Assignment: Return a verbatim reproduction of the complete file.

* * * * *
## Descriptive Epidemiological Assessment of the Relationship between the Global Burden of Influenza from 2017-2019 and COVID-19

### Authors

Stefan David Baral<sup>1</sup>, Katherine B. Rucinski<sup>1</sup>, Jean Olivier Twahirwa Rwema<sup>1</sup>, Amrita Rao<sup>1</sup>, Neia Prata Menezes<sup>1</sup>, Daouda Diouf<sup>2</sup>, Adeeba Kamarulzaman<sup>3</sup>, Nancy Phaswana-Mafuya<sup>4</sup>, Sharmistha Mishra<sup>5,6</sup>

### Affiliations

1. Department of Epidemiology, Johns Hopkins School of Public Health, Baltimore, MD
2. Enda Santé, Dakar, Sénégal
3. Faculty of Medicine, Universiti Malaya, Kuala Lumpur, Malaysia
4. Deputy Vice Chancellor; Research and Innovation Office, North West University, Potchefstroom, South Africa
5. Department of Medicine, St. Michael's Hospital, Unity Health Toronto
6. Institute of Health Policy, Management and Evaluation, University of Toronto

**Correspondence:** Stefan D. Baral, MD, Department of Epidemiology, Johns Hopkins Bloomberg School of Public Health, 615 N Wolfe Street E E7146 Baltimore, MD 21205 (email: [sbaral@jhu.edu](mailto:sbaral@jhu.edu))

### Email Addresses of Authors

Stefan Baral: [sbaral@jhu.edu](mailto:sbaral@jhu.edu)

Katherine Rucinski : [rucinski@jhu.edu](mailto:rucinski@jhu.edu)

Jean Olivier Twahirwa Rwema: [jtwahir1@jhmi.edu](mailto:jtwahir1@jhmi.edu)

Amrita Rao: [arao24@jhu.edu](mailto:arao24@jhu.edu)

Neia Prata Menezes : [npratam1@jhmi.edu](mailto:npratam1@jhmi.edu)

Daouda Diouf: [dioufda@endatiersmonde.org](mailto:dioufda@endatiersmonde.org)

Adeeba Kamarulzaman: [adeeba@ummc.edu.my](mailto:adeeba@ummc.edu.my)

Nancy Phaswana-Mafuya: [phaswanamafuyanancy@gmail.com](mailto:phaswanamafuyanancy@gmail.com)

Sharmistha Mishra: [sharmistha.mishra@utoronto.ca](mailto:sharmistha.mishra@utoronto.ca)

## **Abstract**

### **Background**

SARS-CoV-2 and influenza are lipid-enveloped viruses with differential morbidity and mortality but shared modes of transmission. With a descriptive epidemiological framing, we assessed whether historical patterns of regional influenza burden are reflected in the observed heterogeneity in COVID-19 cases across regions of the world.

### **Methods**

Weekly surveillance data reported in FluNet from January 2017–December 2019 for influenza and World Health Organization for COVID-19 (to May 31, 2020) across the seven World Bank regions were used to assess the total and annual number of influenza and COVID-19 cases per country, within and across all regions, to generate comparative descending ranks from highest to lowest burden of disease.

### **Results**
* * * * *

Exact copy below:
## Descriptive Epidemiological Assessment of the Relationship between the Global Burden of Influenza from 2017-2019 and COVID-19

### Authors

Stefan David Baral<sup>1</sup>, Katherine B. Rucinski<sup>1</sup>, Jean Olivier Twahirwa Rwema<sup>1</sup>, Amrita Rao<sup>1</sup>, Neia Prata Menezes<sup>1</sup>, Daouda Diouf<sup>2</sup>, Adeeba Kamarulzaman<sup>3</sup>, Nancy Phaswana-Mafuya<sup>4</sup>, Sharmistha Mishra<sup>5,6</sup>

### Affiliations

1. Department of Epidemiology, Johns Hopkins School of Public Health, Baltimore, MD
2. Enda Santé, Dakar, Sénégal
3. Faculty of Medicine, Universiti Malaya, Kuala Lumpur, Malaysia
4. Deputy Vice Chancellor; Research and Innovation Office, North West University, Potchefstroom, South Africa
5. Department of Medicine, St. Michael's Hospital, Unity Health Toronto
6. Institute of Health Policy, Management and Evaluation, University of Toronto

**Correspondence:** Stefan D. Baral, MD, Department of Epidemiology, Johns Hopkins Bloomberg School of Public Health, 615 N Wolfe Street E E7146 Baltimore, MD 21205 (email: [sbaral@jhu.edu](mailto:sbaral@jhu.edu))

### Email Addresses of Authors

Stefan Baral: [sbaral@jhu.edu](mailto:sbaral@jhu.edu)

Katherine Rucinski : [rucinski@jhu.edu](mailto:rucinski@jhu.edu)

Jean Olivier Twahirwa Rwema: [jtwahir1@jhmi.edu](mailto:jtwahir1@jhmi.edu)

Amrita Rao: [arao24@jhu.edu](mailto:arao24@jhu.edu)

Neia Prata Menezes : [npratam1@jhmi.edu](mailto:npratam1@jhmi.edu)

Daouda Diouf: [dioufda@endatiersmonde.org](mailto:dioufda@endatiersmonde.org)

Adeeba Kamarulzaman: [adeeba@ummc.edu.my](mailto:adeeba@ummc.edu.my)

Nancy Phaswana-Mafuya: [phaswanamafuyanancy@gmail.com](mailto:phaswanamafuyanancy@gmail.com)

Sharmistha Mishra: [sharmistha.mishra@utoronto.ca](mailto:sharmistha.mishra@utoronto.ca)

## **Abstract**

### **Background**

SARS-CoV-2 and influenza are lipid-enveloped viruses with differential morbidity and mortality but shared modes of transmission. With a descriptive epidemiological framing, we assessed whether historical patterns of regional influenza burden are reflected in the observed heterogeneity in COVID-19 cases across regions of the world.

### **Methods**

Weekly surveillance data reported in FluNet from January 2017–December 2019 for influenza and World Health Organization for COVID-19 (to May 31, 2020) across the seven World Bank regions were used to assess the total and annual number of influenza and COVID-19 cases per country, within and across all regions, to generate comparative descending ranks from highest to lowest burden of disease.

### **Results**